AUGUSTA — A former Oakland woman will serve eight years behind bars and spend 18 years on supervised release for sexually assaulting a 3-year-old boy who was asleep at the time.

A jury on May 31 found Sarah B. Conway, 28, guilty of committing gross sexual assault, a class A crime because the victim was under age 12, and a sentencing hearing was held Wednesday at the Capital Judicial Center.

Conway, most recently of Canaan, New Hampshire, admitted that the sexual act occurred between December 2014 and March 2015 in Oakland, but said she it was involuntary because her boyfriend forcibly compelled her to do it.

Previously Conway had pleaded guilty to two counts of endangering the welfare of a child under 16, with the same boy plus a girl named as victims. She was sentenced to concurrent 364 days in jail on each count.

The prosecutor, Deputy District Attorney Paul Cavanaugh, had sought a 20-year prison term for Conway followed by a 20-year period of supervision.

“The children were 5 and 3 at the time of this conduct,” Cavanaugh said. “They were defenseless.”

In his sentencing memo, Cavanaugh notes that the boy apparently was uninjured physically.

“The victim is unaware of the conduct and will remain so until he becomes old enough for someone to explain his life history to him,” he said.

The two children are currently in foster care with family members and supervised by New Hampshire child protection authorities.

He advocated for the lengthy supervision “to insure that Ms. Conway is safe in the community” and to insure “the community is safe from her impulsive and risky behavior.”

As a result of her conviction, Conway must register as a lifetime sex offender under the state’s Sex Offender Registration and Notification Act.

The defense attorney, Sherry Tash, suggested a seven-year sentence would be appropriate, followed by 12 years of supervision. Tash said that Conway’s former boyfriend, Stephen Richard Smith, brought “this evil into her life. He manipulated her and emotionally blackmailed her.”

Tash told Justice Donald Marden at Wednesday’s sentencing hearing, “She was a good person, a generous person; she loved her kids, and Stephen changed her.”

Conway used tissues to wipe her eyes as her attorney described the gross sexual assault.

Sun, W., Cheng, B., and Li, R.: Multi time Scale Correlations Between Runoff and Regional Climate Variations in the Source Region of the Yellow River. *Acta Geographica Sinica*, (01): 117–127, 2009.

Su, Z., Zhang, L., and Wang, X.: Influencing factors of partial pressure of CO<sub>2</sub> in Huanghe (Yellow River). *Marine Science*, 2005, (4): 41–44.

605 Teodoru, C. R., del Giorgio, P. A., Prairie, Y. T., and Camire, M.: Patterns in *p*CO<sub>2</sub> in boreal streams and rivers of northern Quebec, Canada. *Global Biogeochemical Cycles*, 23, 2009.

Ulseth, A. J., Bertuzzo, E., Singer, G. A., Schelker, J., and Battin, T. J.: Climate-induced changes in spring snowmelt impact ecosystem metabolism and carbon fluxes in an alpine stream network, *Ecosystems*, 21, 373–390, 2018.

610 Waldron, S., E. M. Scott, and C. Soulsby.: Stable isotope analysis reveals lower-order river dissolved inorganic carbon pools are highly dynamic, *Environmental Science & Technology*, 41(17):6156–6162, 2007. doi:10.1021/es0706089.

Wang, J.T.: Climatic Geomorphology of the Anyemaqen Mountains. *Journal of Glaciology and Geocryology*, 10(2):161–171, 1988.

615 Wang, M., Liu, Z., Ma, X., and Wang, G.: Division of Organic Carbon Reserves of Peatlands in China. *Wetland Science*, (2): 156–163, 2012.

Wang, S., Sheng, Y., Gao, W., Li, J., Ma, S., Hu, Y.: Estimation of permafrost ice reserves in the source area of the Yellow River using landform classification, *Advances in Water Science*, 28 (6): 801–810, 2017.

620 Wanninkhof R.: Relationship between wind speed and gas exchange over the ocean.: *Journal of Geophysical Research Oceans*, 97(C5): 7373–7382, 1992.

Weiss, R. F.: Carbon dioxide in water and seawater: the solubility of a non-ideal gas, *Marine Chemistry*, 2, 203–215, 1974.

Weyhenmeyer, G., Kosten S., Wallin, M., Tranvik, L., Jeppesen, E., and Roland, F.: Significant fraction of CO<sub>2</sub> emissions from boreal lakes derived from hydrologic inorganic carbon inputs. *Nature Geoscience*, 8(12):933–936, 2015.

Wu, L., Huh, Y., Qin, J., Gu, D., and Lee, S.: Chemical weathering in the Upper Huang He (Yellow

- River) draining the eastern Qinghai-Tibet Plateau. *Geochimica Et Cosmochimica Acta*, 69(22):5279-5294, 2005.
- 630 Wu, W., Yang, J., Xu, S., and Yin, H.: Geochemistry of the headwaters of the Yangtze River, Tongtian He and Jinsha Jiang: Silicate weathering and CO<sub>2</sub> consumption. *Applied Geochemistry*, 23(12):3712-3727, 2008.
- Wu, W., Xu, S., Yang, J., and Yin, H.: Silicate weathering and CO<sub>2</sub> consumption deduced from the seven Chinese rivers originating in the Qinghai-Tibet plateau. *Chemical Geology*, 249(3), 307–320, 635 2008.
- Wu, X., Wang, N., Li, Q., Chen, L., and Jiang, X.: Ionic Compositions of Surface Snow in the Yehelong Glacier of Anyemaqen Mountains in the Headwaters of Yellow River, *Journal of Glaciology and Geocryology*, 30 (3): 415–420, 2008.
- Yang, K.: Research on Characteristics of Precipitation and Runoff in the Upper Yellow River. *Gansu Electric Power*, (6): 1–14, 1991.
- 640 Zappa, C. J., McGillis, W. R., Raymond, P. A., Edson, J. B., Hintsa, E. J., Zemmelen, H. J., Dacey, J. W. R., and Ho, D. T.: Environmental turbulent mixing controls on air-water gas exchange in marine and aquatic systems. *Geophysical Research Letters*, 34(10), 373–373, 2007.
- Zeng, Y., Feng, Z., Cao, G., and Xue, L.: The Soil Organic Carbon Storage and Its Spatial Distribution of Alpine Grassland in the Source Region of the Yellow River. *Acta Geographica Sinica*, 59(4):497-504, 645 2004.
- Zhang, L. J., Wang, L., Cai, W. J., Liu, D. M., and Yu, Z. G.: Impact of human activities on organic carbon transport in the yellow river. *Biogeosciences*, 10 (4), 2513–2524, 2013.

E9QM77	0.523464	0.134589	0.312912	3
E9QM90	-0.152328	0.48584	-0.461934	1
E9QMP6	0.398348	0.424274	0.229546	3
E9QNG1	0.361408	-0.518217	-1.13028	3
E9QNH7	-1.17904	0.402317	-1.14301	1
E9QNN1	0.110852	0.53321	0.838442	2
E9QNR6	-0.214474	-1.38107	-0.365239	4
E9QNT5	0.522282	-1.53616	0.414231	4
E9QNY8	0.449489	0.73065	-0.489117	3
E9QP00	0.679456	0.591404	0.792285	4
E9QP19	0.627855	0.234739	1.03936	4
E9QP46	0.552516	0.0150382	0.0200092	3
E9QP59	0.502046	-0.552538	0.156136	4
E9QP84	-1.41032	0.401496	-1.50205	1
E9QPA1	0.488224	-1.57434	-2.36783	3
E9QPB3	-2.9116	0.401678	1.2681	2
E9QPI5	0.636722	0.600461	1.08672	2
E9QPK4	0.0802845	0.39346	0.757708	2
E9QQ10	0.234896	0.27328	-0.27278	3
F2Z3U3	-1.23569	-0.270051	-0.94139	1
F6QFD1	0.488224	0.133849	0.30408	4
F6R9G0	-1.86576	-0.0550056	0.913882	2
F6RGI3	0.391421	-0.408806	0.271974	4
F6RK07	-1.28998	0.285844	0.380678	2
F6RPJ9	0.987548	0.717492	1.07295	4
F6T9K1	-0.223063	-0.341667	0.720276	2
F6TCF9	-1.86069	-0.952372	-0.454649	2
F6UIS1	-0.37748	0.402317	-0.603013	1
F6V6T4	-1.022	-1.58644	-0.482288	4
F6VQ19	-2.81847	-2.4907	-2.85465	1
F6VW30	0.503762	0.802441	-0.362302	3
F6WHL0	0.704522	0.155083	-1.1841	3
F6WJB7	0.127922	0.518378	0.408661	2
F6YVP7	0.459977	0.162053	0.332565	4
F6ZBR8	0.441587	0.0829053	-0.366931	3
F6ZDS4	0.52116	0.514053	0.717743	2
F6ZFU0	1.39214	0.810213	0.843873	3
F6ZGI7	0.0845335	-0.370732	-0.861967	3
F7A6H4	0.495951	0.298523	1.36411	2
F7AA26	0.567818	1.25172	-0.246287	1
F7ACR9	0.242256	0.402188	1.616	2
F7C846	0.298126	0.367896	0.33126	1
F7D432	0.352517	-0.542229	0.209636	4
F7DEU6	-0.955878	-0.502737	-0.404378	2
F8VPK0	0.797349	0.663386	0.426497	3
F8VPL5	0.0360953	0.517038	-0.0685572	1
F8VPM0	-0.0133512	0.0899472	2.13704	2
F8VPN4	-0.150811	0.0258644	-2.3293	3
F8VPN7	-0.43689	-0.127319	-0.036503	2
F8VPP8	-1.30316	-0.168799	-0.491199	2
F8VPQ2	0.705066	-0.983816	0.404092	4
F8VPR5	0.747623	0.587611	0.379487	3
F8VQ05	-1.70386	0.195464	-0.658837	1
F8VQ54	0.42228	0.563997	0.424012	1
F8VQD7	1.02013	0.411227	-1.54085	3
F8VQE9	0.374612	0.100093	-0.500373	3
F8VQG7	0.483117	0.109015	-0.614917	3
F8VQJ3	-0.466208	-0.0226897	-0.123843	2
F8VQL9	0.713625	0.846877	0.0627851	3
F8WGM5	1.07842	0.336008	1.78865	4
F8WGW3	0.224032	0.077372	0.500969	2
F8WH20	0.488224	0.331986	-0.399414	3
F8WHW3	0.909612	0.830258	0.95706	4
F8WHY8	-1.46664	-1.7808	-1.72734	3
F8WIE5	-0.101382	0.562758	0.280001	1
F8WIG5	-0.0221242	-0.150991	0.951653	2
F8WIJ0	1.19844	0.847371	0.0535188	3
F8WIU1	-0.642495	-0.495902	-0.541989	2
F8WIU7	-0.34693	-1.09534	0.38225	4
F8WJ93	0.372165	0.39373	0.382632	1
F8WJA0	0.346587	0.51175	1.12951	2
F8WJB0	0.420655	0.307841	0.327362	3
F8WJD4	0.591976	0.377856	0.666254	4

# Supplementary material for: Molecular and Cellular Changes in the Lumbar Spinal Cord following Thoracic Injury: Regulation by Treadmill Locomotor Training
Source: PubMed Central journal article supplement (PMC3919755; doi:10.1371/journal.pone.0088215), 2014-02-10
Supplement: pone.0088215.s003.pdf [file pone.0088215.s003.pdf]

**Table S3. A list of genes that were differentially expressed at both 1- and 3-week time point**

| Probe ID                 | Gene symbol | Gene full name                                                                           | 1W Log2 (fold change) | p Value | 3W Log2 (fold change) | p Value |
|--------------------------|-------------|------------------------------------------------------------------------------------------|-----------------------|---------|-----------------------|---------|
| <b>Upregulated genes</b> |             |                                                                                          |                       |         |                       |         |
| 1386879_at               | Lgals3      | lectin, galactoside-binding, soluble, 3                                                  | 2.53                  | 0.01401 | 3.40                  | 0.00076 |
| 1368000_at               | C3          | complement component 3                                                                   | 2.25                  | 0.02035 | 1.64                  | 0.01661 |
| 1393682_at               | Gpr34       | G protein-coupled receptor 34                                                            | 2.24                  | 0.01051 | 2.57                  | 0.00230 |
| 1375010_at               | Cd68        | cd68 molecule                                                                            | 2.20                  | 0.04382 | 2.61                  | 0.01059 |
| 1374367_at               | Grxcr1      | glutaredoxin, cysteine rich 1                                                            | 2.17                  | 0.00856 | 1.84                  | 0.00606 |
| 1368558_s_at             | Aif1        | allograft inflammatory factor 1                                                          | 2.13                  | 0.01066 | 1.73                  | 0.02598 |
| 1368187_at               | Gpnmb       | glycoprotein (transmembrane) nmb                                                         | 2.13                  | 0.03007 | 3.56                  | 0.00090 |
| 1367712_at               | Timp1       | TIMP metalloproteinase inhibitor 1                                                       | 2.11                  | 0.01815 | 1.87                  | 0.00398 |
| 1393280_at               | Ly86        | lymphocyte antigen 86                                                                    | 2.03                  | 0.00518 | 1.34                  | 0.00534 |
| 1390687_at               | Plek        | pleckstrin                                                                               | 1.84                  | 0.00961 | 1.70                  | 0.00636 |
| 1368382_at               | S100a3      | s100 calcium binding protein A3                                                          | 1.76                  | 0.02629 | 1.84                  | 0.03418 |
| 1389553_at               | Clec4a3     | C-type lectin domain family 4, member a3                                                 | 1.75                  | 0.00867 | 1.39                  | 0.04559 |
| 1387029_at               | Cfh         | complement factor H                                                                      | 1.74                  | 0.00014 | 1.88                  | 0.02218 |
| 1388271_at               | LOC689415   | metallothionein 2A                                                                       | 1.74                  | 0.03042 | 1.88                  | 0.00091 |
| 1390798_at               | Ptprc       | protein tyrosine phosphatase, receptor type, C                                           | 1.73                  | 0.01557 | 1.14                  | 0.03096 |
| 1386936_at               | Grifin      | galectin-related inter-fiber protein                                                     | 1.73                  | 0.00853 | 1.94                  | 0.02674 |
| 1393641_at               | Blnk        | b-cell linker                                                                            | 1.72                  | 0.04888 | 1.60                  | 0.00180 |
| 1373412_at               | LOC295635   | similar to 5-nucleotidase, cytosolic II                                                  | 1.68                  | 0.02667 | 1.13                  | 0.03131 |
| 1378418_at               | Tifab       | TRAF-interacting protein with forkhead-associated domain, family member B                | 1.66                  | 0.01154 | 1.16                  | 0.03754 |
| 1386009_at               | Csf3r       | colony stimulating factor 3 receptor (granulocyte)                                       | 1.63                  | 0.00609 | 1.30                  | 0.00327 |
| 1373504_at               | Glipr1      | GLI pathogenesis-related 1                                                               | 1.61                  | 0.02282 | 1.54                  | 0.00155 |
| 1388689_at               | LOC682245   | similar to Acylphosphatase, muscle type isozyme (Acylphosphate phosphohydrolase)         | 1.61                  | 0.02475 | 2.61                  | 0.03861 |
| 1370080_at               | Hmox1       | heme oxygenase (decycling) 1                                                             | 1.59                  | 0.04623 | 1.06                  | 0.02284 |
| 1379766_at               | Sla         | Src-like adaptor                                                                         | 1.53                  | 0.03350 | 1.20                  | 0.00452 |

Conway wore a green jail uniform with “Kennebec County” printed in white on the back. She has long, dark, wavy hair turning blonde halfway down and most of the time wore dark glasses and stared forward. As the hearing progressed, and her seven family members spoke to the judge to ask for help for her, she wiped tears from her eyes more and more often.

She later spoke directly to the judge, telling him she should have fought Smith to stop the assault.

“I should have fought him or ran (away) with my children,” she said. “I foolishly stayed with this evil man and even had a child with him.”

She said she was not a bad person, but someone who made bad choices.

Conway has no prior criminal record.

“At the end of the conversation, she is individually responsible for her own decisions and own conduct,” Cavanaugh said in closing.

In giving reasons for the sentence, Marden noted that Conway has been “a victim of mental disorders of various diagnoses.”

He said she had been diagnosed with depression, bipolar disorder, borderline personality disorder, dependent personality disorder and suicide ideation, and that she was “prone to develop quick relationships without the ability to assert herself with men.”

He noted that she told evaluators she had 45 sexual partners and that she considered 15 of them “friends with benefits.”

Marden said he expected Conway to get help through various programs available at the Maine Correctional Center in Windham and that he hoped that when Conway was released into the community, she would reintegrate with her family and possibly her children.

After the sentencing hearing, District Attorney Maeghan Maloney said via email, “Even though I still believe her conduct was deserving of a full 20 year sentence, I appreciate the consideration of the court and that she will spend a substantial amount of time in prison. Sarah Conway’s insistence on painting herself as a victim is an insult to real victims of domestic violence. Ms. Conway had her own car, a license, an extended supportive family, and a job that she went to every day. She could have protected her children. She did not protect them because she was the perpetrator.”